I was wandering around the Greek and Roman galleries of the Metropolitan Museum of Art in New York City the other day. If you've never been there, well, you could spend everyday there for a week and still not see everything they have to offer (and I've heard what's on display is only the tip of the iceberg compared to their entire collection). Anyway, it's a great place to spend some time.
The Greek and Roman galleries offer a great assortment of big and small items, from marble monuments through everyday items like bowls and jars, to helmets, swords, and armor. In one small display case I can across this delightful surprise:
Here we have a ancient roman sculpture of a left fist wearing a cestus! It would have been made at the time that gladiatorial fights were commonplace.The label indicated that it was probably sculpted to stand alone, perhaps as a votive offering (I could see it as having been a sign for a school or even an award of some sort). I've seen cestii roughly depicted in sculptures or paintings, but never life sized, and in such detail!
Now if you're a little lost here, let me back up and tell you what this is. The cestus is commonly described as a kind of early gladiatorial "boxing glove" or knuckle protection, but in fact, it is far more of an offensive weapon. It would have been used in prize fights, and the kind of brutal competitions that the Romans loved (possibly also for personal combat and defense).
There's no question that this item features knuckle protection. There is a plate that covers the knuckles, probably with a strap on its inside for the boxer to hold on to. I have to note that in this sculpture, the thumb is oddly exposed over the knuckle protection. Perhaps the boxers actually used it this way, or perhaps the boxer posed for this sculpture in a relaxed position (the thumb at full extension as it is seems quite relaxed). Perhaps the boxer merely lent his cestus to the sculptor, and the sculptor used his own hand to pose, and guessed at the proper grip. Alternatively, it may be that without the thumb exposed, it was difficult to tell what the sculpture was supposed to be. Either way, I would assume that when used in combat, the thumb would have been balled firmly with the fingers, or at least under the knuckle-guard. Judging from the simple curve of this guard-plate, and it's thickness, it's very likely to have been leather.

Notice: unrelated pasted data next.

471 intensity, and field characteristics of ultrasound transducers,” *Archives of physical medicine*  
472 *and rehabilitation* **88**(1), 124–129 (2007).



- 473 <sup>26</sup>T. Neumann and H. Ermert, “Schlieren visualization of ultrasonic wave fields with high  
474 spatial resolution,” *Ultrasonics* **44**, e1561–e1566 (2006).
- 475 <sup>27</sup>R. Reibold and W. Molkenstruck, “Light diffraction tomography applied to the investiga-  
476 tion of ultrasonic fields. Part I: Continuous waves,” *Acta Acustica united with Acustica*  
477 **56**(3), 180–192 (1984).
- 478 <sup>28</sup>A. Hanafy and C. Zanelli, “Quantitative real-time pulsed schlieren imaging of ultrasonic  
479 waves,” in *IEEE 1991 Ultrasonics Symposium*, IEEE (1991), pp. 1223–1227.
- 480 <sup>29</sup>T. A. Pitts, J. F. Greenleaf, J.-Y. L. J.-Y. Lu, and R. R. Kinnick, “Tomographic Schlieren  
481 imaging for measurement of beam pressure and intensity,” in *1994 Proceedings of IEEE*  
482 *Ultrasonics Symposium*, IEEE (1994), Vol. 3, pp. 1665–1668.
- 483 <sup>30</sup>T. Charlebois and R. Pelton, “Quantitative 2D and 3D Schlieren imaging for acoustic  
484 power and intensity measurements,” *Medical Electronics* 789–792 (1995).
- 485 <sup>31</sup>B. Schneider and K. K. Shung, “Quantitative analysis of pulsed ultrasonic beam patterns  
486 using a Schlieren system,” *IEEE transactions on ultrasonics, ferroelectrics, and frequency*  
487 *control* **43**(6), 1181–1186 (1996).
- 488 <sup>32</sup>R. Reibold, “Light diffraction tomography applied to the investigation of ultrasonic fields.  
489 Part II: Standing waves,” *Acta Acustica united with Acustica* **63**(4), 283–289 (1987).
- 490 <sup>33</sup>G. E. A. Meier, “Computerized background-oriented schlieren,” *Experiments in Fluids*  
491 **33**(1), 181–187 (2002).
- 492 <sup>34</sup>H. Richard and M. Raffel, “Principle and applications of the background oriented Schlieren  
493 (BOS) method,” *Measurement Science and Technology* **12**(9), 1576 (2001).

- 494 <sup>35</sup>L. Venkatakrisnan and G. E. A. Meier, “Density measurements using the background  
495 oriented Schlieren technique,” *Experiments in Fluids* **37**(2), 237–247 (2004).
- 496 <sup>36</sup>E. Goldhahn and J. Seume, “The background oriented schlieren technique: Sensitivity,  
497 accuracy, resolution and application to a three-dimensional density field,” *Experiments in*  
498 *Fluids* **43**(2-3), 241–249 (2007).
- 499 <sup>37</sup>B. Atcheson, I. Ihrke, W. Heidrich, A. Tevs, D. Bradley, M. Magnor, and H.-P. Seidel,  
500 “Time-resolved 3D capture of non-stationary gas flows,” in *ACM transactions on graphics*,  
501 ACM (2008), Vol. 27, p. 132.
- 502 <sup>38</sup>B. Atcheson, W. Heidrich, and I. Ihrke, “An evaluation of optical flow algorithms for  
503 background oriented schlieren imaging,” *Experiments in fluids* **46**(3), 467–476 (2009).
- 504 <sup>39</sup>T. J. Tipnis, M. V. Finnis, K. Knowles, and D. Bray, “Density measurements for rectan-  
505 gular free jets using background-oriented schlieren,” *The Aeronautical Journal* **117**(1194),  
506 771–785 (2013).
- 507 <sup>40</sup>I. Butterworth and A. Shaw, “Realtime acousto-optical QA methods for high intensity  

But what is most fascinating about this sculpture is the projection extending from the boxer's middle two knuckles! This cestus is no mere hand protection. This is a potentially deadly offensive weapon.
Even though there's no way of knowing what the actual projection would have been made from, it's still a very nasty bit of business. If it were made of hardened leather, it would leave punishing bruises on the opponent's body, and possibly break bones and even gouge out eyes. If it were made of bronze or some similar metal, it could easily break ribs and bones. Notice the scalloped striking edge of the projection, which would help the blow "dig in" even more, yet not necessarily break the skin. (I 'm guessing that the projection would have been cast of bronze or some similar metal due to the thickness of it in the sculpture).
It might have been based on a common street weapon carried for self defense, sans the knuckle protection, in the way that brass knuckles were, until recently commonly carried (and probably still are, in some parts of the world). It is interesting to notice on the sculpture how a string or thong runs down the back of the hand, to stop the deadly spike from being pushed down the fingers during the fight.